[Screen It]

(2005) (Justin Long, Ryan Reynolds) (R)

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Comedy: Various employees at a chain restaurant go through the day trying to get along, serve their customers and deal with their various personal and work-related issues.
In his four years of working at chain restaurant Shenanigans, Dean (JUSTIN LONG) has never really questioned his job there or life after high school. Yet, when his mom informs him of a former classmate landing a lucrative job, he begins to wonder.

His coworker, Monty (RYAN REYNOLDS), however, has no such personal dilemmas. When not showing new employee Mitch (JOHN FRANCIS DALEY) the ropes, he tries to impress sexy hostess Natasha (VANESSA LENGLES) who's almost 18, all while making jabs at lesbian bartender Tyla (EMMANUELLE CHRIQUI) and dealing with his former lover Serena (ANNA FARIS).

She's friends with Amy (KAITLIN DOUBLEDAY) who's now sleeping with Dean who in turn has just been offered an assistant manager job at the restaurant by his boss, Dan (DAVID KOECHNER). He also has a thing for Natasha despite being her boss and old enough to be her father and then some. But Dan has other considerations, such as hostile waitress Naomi (ALANA UBACH) and his busboys T-Dog (MAX KASCH) and Nick (ANDY MILONAKIS) who think they're gangster rappers despite being lily white.

And while dishwasher Bishop (CHI McBRIDE) bandies about philosophical thoughts, Calvin (ROBERT PATRICK BENNEDICT) tries to come to grips with being unable to urinate in public and cook Raddimus (LUIS GUZMAN), when not purposefully wiping ready to be served food on the floor or having sex with his girlfriend, enjoys playing a game with the other guys of exposing their genitalia to the others for shock value.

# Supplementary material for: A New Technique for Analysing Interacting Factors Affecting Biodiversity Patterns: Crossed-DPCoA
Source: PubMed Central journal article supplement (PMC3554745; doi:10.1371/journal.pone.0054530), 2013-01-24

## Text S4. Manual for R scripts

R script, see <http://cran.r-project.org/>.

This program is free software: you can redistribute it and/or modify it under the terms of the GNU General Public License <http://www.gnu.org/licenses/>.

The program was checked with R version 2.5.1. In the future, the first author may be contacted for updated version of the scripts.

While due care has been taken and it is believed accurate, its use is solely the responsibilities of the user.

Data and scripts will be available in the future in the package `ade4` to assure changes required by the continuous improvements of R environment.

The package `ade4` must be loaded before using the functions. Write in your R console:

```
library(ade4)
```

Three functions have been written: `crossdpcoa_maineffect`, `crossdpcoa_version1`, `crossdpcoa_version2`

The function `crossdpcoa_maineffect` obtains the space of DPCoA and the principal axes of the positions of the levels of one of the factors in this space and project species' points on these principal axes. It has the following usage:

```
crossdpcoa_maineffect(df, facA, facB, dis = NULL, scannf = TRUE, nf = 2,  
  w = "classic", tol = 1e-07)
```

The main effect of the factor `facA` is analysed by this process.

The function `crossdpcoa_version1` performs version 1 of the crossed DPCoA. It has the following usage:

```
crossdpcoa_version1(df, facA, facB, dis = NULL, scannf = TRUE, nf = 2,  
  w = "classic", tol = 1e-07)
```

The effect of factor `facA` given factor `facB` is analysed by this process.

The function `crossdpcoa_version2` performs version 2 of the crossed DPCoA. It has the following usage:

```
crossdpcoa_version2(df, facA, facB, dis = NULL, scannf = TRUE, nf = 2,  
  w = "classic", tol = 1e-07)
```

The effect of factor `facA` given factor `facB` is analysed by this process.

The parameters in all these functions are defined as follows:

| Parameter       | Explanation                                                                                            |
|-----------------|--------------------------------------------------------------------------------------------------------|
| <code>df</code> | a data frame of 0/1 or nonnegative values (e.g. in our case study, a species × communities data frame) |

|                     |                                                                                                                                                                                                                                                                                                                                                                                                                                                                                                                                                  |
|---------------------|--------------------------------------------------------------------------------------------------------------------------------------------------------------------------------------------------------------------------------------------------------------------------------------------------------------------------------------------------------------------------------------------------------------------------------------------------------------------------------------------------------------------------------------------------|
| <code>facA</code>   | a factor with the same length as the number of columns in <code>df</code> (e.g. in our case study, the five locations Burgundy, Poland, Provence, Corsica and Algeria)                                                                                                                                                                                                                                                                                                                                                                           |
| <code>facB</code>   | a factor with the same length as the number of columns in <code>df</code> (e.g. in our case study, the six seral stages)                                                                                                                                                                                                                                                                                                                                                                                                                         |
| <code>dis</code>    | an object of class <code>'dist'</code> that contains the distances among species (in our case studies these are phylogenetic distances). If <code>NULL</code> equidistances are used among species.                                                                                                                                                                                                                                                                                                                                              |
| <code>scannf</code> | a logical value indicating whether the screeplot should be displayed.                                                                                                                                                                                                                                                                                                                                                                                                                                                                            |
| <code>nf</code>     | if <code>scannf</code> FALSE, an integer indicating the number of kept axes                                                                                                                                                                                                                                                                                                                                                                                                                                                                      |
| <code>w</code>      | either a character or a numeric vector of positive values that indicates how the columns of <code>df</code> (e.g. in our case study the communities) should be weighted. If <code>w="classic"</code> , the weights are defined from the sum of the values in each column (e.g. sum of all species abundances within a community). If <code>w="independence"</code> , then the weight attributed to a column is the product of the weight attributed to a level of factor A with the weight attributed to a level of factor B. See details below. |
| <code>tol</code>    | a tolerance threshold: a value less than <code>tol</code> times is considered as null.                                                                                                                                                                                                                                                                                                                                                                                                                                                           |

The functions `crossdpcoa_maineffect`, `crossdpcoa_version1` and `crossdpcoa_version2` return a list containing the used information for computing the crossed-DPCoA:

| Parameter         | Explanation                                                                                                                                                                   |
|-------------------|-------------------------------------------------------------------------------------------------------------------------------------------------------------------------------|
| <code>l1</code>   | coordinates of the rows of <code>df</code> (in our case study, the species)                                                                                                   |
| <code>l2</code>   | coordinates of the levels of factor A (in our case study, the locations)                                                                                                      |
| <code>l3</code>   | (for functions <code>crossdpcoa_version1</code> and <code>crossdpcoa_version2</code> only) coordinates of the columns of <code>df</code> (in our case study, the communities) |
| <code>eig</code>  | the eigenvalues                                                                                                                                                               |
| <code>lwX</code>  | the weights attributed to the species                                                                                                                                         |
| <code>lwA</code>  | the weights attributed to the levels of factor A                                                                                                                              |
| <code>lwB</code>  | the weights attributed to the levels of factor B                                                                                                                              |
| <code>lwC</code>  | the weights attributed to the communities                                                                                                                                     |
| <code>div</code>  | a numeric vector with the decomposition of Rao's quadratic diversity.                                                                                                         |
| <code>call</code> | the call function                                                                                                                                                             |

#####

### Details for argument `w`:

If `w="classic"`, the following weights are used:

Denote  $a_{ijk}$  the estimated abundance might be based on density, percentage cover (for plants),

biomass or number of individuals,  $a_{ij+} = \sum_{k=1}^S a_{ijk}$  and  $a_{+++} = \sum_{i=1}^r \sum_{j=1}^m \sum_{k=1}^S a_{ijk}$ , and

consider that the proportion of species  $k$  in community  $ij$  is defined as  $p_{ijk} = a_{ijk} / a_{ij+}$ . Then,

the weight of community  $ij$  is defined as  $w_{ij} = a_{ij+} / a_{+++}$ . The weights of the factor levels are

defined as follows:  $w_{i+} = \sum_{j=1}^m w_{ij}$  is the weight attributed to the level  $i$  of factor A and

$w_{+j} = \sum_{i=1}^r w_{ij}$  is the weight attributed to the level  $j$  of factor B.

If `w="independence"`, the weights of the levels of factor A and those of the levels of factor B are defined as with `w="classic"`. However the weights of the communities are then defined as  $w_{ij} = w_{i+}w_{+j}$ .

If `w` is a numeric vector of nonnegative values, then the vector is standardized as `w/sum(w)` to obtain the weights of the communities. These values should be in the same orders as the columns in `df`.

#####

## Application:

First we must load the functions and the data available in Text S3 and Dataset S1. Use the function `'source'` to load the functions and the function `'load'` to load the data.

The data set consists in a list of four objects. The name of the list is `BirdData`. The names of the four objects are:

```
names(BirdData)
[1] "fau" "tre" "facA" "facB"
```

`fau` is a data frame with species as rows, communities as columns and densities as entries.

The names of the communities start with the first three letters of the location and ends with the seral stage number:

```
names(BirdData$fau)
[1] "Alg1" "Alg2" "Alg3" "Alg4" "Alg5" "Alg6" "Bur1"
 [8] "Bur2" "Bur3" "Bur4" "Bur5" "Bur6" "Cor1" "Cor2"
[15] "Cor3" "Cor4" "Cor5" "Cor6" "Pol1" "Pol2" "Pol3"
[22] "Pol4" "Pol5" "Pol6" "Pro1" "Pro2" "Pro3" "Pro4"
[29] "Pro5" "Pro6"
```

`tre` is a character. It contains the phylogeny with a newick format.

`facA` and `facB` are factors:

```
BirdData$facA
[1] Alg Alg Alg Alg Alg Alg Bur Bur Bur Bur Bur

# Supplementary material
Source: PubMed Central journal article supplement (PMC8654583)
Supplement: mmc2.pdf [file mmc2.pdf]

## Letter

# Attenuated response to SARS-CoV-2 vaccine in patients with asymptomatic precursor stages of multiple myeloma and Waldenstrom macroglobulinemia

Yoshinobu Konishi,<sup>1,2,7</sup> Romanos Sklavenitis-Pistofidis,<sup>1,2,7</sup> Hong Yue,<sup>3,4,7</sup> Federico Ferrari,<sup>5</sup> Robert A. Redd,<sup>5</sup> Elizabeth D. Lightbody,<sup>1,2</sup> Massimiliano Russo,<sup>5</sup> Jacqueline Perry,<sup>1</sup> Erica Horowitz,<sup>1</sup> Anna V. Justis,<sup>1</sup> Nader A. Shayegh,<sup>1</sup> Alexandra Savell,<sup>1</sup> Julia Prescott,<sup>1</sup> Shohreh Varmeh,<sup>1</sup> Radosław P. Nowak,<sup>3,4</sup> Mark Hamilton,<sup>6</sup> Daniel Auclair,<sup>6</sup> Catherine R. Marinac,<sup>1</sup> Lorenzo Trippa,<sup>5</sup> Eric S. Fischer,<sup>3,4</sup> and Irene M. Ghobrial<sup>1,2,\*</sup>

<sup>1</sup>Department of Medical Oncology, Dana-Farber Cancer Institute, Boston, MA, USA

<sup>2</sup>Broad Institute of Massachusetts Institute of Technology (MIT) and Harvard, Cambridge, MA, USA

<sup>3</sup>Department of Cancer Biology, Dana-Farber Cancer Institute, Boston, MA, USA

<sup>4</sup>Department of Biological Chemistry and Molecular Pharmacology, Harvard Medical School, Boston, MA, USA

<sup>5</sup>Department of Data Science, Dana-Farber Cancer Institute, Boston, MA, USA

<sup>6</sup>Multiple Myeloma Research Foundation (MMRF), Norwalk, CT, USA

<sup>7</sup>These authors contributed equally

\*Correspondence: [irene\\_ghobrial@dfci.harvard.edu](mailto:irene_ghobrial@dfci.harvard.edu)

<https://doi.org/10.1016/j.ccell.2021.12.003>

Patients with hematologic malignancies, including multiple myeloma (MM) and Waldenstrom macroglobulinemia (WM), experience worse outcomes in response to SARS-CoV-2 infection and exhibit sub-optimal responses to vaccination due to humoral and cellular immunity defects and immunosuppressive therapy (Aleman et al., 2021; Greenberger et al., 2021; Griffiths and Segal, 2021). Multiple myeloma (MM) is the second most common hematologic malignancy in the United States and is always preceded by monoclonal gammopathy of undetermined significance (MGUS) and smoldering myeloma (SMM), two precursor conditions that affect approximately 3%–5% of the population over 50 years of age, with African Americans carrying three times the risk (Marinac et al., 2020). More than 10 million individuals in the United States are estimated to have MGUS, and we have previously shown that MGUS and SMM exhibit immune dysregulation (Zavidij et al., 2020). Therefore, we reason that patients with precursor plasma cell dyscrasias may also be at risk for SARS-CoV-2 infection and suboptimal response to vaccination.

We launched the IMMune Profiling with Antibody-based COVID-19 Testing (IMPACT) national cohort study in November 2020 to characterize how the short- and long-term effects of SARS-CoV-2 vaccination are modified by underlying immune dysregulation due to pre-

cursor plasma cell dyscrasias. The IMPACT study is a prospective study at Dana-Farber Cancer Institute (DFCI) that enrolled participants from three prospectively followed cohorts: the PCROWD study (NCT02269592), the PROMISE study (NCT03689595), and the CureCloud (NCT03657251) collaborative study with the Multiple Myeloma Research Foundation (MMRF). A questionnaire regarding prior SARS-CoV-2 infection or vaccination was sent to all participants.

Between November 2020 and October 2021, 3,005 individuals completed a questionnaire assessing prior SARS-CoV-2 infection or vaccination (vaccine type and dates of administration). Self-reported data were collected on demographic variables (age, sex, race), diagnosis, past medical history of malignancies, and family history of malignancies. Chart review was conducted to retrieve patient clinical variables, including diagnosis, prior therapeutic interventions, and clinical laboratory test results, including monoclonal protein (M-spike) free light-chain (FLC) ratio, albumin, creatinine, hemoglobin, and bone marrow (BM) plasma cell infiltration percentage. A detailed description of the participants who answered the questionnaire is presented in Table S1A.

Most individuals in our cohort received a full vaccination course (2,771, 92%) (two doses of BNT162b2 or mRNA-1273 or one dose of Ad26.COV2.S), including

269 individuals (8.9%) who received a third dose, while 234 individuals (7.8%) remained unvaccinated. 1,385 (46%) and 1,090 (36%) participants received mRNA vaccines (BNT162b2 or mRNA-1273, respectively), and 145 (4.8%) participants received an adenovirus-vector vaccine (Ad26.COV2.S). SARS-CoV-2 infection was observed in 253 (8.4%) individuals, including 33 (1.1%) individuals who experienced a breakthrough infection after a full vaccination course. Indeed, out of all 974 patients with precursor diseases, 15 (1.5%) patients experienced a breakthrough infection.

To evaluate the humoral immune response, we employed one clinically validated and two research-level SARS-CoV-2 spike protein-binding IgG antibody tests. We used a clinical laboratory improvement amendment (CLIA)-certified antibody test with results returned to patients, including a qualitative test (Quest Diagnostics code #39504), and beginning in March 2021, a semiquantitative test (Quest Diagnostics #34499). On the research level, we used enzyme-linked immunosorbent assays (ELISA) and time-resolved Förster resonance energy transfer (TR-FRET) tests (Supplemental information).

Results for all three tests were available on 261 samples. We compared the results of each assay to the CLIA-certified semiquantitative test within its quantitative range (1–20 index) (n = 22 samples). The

As a day in the life of these restaurant employees comes and goes and they deal with all sorts of situations involving mean or demanding customers and more, Dean must decide whether he wants to continue working there, all while Monty and Dan separately try to bed Natasha.

OUR TAKE: 1.5 out of 10
A long-standing mantra of screenwriting is "write what you know." The theory is that anyone can make up stuff, but only you can put your own spin on said material due to your personal experiences with it. If one's to believe the official website of freshman writer Rob McKittrick (and I have no reason not to, but in today's age of stealth promotion, one can never be too wary), he's certainly the prime candidate for penning a tale about the daily trials and tribulation of working on the wait staff at chain restaurants.

A quick look at the site shows an angry and some may say venomous opinion of such places and of such employment at them. Thus, one might expect his first feature film - the appropriately titled "Waiting" -- to be a satire of the industry, filled with all sorts of insider info, experience and opinions about working in such a place.

For better or worse, McKittrick isn't the first irate employee to write a screenplay about his or her amazing, boring, funny and infuriating experiences in the work place. There have been countless such films, but the ones that will likely come to mind while watching this so-called comedy are "Office Space" (where Jennifer Aniston had to deal with personal knickknacks known as "flair" in her chain restaurant - while the rest of the film was a funny rip on office work), "Fast Times At Ridgemont High" (where various young people tried to find their place in the world while working in the mall or serving unhappy customers in a fast food fish restaurant) and, of course, "Clerks."

That was writer/director Kevin Smith's breakout debut film about a day in the life of those who work in and frequent a convenience store in Jersey. Vulgar, profane and acerbic, it was also a rather funny and sometimes slightly insightful look at people, work and the ups and downs of working retail. If you've ever done any of the latter, you know that among the everyday decent folk, some of the customers are amazingly rude, mean, weird or just plain dumb and Smith captured all of that, sometimes brilliantly, in his film.